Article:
It is recommended that the authorities develop funds with sufficient contributions and flexible operations, while avoiding any moral hazard to the insurance industry. While the ICPs do not establish requirements related to policyholder protection funds, there are a number of different international practices in policyholder protection funds. In addition, the situation that the Indonesian insurance sector is facing is quite different from some other jurisdictions and could present challenges due to a significant presence of conglomeration and interconnectedness with banks. This may require larger size and more flexible design (for example, the industry wide protection funds can provide policyholders with interim continuation of policy coverage on the life side or a temporary liquidity facility to pay claims on the non-life side) than is the case in typical policyholder protection funds in other countries, with appropriate design to avoid creation of moral hazard in the insurance sector.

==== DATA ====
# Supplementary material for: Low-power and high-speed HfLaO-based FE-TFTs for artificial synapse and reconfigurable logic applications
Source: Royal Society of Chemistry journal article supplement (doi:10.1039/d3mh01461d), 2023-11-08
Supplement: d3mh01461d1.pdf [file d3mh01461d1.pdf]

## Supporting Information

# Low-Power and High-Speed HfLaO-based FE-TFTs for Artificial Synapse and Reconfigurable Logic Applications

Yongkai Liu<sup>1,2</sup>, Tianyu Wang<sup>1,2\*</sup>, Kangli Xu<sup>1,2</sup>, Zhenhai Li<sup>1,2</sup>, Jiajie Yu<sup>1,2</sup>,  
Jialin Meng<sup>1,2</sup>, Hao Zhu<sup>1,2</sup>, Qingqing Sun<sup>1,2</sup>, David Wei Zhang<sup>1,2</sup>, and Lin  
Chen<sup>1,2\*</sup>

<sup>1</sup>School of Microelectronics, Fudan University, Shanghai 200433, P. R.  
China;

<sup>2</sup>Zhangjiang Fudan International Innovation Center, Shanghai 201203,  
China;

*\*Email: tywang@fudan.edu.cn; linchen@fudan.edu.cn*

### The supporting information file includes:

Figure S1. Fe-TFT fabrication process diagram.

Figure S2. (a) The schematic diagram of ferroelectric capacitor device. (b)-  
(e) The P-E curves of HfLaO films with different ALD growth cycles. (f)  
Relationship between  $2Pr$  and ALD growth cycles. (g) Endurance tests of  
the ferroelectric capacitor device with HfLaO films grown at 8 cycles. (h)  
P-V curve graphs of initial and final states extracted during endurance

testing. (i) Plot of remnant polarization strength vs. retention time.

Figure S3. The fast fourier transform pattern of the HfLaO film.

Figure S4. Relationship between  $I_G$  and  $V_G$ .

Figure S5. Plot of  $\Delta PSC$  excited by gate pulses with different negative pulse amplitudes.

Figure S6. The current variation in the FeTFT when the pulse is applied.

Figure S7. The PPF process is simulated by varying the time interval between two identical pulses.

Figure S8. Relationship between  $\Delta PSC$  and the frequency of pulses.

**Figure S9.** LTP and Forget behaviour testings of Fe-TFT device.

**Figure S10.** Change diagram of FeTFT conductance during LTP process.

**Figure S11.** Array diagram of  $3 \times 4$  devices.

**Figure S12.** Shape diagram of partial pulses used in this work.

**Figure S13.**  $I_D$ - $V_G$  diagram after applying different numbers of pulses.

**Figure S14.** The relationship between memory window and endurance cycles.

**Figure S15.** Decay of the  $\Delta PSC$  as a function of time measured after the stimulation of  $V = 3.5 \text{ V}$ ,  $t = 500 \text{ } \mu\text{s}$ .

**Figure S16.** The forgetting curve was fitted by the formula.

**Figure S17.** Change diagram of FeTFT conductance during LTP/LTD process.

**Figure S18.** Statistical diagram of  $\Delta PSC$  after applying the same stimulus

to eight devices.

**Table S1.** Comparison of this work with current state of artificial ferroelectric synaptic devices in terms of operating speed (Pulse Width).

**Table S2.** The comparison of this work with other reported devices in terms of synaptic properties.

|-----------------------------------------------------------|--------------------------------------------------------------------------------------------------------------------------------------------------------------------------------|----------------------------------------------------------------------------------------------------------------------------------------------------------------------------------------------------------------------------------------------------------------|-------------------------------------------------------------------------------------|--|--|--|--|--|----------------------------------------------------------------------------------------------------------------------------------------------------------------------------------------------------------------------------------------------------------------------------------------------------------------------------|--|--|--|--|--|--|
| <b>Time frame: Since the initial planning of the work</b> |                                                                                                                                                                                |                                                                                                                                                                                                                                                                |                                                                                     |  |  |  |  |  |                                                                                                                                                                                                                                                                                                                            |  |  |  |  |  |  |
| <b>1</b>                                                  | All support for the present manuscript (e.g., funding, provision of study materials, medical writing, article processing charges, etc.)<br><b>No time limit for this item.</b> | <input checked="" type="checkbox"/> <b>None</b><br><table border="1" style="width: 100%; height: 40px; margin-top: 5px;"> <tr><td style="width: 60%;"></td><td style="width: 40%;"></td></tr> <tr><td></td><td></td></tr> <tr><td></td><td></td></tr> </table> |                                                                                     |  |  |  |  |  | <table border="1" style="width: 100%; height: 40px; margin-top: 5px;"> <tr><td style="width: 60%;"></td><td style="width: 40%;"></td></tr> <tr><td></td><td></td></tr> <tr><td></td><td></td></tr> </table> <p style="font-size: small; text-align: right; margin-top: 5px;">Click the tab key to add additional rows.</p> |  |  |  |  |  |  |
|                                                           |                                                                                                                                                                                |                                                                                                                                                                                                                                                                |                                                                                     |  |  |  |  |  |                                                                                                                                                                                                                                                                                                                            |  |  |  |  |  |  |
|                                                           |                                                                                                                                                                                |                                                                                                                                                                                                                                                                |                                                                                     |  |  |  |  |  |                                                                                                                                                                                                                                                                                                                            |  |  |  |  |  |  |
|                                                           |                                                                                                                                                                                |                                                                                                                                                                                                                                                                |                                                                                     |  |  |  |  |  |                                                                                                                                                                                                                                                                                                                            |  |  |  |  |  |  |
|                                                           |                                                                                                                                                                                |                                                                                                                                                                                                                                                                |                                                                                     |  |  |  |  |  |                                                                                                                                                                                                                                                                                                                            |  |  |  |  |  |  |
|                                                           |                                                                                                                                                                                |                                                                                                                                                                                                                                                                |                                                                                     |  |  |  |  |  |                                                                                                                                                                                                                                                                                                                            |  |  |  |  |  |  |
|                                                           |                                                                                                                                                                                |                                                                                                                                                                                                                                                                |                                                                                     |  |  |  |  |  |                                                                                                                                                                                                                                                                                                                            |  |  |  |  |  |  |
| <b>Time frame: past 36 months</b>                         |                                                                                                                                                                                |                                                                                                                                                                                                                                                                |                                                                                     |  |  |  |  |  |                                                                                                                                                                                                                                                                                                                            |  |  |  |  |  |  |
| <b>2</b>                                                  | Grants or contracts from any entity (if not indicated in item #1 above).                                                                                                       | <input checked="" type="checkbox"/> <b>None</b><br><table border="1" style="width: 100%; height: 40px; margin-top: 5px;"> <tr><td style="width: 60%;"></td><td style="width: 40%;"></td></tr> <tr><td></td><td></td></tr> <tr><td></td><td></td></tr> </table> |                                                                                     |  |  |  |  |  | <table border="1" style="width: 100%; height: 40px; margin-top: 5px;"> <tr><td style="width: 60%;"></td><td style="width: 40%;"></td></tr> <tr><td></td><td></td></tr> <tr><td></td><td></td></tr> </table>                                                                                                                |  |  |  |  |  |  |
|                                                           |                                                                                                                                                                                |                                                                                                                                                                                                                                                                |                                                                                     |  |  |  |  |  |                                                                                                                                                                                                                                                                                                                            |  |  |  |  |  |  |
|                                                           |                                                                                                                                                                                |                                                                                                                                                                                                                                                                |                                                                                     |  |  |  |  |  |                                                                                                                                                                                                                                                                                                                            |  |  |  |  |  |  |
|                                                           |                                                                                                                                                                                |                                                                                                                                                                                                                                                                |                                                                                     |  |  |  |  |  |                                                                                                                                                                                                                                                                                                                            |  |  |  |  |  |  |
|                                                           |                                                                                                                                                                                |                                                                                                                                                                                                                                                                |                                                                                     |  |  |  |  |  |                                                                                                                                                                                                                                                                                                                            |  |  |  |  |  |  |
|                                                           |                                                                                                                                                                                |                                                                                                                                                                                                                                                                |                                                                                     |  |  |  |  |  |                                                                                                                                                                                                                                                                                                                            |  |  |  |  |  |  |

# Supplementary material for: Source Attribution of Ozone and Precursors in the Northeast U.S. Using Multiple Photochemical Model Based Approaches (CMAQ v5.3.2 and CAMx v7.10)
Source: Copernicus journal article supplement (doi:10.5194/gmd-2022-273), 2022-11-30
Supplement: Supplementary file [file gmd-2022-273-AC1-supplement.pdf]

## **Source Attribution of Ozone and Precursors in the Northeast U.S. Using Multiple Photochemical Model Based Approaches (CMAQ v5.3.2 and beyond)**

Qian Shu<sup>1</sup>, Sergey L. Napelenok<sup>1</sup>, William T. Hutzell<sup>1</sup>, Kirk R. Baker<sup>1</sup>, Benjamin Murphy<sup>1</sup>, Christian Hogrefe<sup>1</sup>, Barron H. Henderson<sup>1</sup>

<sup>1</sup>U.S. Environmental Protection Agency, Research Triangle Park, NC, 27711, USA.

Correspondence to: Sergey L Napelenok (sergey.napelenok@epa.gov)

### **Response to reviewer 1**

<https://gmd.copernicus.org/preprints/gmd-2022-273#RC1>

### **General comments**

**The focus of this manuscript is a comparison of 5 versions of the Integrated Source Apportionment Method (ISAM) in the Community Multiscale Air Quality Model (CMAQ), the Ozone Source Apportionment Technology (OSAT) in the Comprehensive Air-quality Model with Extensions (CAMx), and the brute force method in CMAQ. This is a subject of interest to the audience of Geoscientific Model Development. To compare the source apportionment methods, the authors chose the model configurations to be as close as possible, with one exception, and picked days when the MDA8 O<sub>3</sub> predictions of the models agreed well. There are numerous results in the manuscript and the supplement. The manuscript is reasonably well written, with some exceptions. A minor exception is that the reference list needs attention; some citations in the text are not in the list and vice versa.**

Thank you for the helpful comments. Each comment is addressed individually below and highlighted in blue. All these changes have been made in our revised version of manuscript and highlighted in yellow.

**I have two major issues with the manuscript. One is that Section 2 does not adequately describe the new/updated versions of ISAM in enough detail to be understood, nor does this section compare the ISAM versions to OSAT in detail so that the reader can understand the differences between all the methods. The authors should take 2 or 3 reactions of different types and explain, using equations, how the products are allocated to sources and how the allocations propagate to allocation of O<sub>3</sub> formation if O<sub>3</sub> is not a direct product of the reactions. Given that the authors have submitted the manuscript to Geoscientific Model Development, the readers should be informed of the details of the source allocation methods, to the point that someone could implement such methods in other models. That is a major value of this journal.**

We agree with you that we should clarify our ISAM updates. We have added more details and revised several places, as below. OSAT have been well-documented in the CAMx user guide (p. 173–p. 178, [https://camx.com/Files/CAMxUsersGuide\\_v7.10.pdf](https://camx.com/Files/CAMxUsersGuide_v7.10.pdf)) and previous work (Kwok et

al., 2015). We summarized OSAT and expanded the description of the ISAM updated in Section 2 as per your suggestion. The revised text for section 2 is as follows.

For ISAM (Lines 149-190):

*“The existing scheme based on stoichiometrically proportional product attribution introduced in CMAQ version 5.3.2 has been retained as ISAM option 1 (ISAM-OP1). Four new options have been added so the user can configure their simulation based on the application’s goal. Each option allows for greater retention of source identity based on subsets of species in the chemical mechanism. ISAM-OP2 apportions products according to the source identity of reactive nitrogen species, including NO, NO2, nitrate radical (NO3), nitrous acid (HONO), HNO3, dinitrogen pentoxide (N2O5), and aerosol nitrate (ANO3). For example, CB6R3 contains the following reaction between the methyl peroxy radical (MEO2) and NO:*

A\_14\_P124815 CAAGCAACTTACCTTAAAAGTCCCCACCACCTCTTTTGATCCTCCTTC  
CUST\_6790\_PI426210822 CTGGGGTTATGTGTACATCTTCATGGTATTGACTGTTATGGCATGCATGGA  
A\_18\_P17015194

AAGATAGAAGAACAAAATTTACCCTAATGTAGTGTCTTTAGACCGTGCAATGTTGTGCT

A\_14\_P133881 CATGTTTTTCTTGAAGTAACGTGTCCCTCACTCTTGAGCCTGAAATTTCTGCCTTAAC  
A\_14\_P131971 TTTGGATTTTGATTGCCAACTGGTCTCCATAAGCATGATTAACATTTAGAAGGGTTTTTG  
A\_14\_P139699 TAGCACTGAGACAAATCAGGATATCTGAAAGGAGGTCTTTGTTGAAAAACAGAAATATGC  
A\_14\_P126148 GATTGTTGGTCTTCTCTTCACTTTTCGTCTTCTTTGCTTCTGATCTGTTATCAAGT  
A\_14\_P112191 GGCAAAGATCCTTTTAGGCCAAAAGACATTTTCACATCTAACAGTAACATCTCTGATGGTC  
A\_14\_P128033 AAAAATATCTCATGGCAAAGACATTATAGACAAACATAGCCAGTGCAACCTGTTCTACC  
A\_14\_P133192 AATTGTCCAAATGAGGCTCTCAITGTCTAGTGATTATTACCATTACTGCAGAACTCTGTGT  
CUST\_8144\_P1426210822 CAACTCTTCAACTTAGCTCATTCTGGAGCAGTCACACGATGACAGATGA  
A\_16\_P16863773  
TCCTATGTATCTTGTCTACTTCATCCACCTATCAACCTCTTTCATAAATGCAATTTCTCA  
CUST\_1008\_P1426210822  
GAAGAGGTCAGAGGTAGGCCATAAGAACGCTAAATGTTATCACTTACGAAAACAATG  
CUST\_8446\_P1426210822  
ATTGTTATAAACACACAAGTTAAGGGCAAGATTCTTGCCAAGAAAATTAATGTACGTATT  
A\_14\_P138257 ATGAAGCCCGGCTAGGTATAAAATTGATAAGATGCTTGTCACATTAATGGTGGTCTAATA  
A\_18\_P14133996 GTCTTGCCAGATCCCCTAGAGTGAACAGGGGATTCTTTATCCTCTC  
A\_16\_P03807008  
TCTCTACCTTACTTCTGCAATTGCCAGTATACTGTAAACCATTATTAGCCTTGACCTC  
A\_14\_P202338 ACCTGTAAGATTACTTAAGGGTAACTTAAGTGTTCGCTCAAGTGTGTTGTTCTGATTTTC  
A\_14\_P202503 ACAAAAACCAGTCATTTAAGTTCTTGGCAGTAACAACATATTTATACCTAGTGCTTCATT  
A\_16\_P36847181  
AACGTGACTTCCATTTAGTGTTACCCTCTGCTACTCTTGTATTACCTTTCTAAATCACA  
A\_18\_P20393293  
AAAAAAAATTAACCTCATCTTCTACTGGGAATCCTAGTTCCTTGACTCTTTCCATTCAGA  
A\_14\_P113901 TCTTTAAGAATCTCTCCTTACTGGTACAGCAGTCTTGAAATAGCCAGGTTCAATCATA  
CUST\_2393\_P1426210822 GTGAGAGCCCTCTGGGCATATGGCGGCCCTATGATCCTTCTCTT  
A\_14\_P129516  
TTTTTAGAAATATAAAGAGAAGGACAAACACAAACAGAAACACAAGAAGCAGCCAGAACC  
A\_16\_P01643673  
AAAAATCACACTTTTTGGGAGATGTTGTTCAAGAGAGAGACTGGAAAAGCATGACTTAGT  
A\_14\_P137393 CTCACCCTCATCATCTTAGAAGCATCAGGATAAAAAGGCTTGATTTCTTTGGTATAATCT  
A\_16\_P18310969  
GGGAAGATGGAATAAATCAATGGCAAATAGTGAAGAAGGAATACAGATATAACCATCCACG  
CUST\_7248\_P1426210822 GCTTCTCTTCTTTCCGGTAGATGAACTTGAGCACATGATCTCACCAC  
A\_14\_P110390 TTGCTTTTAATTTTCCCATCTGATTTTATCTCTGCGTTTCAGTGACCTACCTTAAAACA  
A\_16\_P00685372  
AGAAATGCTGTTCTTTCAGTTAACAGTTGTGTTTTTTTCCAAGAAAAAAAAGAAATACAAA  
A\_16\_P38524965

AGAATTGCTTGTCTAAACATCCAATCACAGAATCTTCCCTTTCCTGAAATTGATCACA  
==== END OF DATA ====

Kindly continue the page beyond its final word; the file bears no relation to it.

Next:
A Well-developed Public Infrastructure

25. Indonesian accounting and auditing standards have been developed in line with international best practices. The Accounting Standards Board of the Indonesian Accountants Association makes accounting standards. There is a clear commitment to full convergence to IFRS by Indonesia. In application of regulations in the insurance sector, Statutory Accounting Practice (SAP) is adopted in the Ministry of Finance regulation for prudential requirements of insurers and reinsurers. The Indonesia Institute of Certified Public Accountants (IAPI) was established in 1994.